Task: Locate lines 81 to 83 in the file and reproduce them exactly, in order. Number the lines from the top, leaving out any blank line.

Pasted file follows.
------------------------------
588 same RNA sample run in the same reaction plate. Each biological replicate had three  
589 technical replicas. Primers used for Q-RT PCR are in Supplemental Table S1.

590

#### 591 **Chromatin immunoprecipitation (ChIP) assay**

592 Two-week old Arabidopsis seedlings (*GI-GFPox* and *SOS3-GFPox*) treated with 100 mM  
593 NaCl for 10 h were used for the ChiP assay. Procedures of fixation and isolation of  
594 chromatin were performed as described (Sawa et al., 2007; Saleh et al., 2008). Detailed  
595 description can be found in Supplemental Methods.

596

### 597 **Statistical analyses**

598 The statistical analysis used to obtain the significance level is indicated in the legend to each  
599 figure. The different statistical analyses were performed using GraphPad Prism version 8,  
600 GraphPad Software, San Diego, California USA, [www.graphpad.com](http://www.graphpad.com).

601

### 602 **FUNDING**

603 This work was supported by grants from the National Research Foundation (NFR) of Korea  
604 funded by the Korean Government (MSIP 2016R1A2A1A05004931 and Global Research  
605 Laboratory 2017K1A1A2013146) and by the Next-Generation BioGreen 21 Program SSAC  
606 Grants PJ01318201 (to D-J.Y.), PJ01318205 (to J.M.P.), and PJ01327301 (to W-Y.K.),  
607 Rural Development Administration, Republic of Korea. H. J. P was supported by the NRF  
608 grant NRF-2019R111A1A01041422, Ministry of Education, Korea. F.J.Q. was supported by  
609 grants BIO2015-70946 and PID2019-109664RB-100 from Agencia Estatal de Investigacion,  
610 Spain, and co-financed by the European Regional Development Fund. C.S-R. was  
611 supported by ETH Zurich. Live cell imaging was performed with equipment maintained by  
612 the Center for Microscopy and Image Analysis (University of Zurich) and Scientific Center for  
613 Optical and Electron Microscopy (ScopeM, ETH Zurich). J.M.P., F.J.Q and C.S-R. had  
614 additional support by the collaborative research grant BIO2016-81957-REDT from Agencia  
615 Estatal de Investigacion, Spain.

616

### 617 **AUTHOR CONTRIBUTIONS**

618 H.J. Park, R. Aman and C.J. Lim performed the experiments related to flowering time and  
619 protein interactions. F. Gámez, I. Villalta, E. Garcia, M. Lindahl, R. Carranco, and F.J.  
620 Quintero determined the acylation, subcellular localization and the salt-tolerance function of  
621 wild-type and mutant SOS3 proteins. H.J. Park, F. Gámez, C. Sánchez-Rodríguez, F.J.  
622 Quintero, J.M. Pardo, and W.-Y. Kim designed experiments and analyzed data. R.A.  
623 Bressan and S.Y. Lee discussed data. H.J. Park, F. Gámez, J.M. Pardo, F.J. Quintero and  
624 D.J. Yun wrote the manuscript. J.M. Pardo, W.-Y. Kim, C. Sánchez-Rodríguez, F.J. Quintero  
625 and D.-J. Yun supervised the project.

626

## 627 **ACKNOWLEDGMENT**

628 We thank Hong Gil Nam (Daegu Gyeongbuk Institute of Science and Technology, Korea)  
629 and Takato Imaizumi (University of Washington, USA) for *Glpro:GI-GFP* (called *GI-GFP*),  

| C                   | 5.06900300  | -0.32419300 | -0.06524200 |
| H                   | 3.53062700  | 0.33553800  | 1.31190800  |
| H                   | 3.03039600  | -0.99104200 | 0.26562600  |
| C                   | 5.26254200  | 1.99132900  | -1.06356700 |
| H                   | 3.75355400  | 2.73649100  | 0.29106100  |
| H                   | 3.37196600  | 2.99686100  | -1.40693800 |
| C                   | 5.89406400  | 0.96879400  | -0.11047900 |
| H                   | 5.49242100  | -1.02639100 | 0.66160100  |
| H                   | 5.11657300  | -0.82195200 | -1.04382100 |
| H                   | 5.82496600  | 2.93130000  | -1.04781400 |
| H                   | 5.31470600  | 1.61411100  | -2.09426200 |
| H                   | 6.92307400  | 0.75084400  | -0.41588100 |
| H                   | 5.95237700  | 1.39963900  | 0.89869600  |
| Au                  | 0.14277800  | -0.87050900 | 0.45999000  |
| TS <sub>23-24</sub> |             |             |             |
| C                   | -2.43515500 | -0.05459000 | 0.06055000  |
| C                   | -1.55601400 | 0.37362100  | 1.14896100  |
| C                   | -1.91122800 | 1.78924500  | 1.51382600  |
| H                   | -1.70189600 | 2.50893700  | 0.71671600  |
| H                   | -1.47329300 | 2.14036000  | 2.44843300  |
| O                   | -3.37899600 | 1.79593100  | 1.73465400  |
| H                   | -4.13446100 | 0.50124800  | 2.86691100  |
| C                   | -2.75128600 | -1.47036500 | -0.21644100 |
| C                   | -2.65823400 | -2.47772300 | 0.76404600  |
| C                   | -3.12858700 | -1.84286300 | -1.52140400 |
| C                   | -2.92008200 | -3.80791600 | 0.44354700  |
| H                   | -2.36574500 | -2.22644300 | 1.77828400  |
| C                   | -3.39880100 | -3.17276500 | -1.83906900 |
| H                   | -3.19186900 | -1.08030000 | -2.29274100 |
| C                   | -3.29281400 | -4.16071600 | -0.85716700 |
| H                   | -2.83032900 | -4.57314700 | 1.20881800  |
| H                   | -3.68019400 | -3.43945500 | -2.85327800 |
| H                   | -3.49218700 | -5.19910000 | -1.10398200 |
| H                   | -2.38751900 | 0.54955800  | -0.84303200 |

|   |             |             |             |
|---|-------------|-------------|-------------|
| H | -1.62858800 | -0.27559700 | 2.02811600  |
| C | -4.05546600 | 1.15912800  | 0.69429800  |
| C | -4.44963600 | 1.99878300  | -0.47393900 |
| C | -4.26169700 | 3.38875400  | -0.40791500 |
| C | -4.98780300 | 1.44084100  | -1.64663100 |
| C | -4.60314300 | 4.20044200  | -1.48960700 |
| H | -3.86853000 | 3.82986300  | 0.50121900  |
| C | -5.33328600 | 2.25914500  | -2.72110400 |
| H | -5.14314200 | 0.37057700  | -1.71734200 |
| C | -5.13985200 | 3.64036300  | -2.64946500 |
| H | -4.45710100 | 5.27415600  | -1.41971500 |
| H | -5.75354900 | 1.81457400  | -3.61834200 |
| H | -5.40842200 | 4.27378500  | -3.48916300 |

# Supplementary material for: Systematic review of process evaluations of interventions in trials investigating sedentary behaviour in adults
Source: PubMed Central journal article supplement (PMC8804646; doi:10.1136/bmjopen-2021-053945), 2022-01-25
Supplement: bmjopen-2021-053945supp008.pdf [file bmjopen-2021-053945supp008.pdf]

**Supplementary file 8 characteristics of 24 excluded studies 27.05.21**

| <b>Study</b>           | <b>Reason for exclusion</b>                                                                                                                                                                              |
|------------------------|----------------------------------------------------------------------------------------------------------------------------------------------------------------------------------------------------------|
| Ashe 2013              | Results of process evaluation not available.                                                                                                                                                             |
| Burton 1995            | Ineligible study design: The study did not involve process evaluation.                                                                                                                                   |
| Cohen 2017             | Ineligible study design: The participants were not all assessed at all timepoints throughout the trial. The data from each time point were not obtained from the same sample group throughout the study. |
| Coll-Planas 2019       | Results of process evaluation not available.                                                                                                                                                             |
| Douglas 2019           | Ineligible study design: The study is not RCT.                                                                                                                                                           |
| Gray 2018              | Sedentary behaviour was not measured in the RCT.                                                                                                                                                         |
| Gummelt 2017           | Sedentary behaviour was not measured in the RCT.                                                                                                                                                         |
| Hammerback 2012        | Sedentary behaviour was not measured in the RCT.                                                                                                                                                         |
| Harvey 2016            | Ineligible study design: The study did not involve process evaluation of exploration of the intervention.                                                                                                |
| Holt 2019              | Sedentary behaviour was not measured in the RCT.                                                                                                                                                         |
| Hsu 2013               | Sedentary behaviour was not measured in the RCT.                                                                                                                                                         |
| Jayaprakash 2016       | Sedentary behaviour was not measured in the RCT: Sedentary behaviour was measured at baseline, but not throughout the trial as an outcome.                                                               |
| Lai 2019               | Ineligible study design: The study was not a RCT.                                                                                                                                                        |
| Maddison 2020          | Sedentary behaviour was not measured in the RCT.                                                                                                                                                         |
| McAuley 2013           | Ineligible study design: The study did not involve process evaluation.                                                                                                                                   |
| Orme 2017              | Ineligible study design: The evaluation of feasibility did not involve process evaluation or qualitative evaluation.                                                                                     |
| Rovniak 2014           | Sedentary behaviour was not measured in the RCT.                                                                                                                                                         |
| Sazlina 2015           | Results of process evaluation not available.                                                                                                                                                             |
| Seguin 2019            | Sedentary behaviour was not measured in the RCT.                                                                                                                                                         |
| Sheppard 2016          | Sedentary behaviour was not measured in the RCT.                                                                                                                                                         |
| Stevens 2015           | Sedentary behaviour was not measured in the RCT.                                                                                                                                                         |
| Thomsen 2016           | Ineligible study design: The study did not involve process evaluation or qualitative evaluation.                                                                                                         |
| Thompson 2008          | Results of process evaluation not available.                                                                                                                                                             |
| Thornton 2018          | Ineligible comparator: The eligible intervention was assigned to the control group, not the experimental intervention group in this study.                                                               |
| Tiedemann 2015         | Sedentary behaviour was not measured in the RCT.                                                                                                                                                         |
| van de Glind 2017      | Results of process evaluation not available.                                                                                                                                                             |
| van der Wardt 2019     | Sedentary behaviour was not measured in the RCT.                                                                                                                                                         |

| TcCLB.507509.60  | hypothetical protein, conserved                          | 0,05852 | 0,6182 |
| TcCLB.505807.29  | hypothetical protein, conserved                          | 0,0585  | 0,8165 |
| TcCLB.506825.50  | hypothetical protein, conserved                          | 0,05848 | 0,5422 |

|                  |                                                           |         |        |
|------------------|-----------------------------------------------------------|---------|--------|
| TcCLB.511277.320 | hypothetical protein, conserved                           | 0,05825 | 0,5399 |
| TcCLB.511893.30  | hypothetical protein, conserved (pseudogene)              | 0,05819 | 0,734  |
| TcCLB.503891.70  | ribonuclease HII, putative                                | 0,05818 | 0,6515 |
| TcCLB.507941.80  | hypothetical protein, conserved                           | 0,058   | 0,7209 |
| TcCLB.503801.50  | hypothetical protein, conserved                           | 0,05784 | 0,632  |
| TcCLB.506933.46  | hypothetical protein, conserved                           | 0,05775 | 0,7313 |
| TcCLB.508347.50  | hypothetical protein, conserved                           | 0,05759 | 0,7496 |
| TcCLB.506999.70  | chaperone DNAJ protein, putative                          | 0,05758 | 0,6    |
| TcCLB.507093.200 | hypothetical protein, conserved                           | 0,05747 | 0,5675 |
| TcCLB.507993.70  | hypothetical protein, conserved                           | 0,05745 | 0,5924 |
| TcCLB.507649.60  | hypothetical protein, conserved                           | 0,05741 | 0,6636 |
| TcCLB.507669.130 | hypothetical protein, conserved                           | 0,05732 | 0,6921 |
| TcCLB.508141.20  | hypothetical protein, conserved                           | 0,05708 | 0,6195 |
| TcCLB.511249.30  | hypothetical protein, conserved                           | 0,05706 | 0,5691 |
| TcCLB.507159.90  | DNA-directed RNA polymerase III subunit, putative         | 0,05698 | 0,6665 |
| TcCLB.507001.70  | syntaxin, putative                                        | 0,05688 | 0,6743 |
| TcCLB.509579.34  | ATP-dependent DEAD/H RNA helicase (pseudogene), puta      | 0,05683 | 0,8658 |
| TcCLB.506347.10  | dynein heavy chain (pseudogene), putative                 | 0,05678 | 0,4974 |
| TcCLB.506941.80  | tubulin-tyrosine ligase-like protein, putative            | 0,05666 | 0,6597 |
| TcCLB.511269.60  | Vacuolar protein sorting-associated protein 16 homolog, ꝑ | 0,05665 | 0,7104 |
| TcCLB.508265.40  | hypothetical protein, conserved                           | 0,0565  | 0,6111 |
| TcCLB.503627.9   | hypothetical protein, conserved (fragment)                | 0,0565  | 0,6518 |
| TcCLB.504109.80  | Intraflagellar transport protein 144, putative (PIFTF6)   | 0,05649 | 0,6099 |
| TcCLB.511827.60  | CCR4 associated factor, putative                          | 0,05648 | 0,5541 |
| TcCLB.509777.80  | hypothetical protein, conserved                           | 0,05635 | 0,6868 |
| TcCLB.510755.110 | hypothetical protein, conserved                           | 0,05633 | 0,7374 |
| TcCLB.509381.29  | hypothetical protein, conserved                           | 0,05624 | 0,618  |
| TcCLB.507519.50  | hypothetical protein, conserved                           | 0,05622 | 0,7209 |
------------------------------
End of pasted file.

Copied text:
| C | -4.44963600 | 1.99878300  | -0.47393900 |
| C | -4.26169700 | 3.38875400  | -0.40791500 |
| C | -4.98780300 | 1.44084100  | -1.64663100 |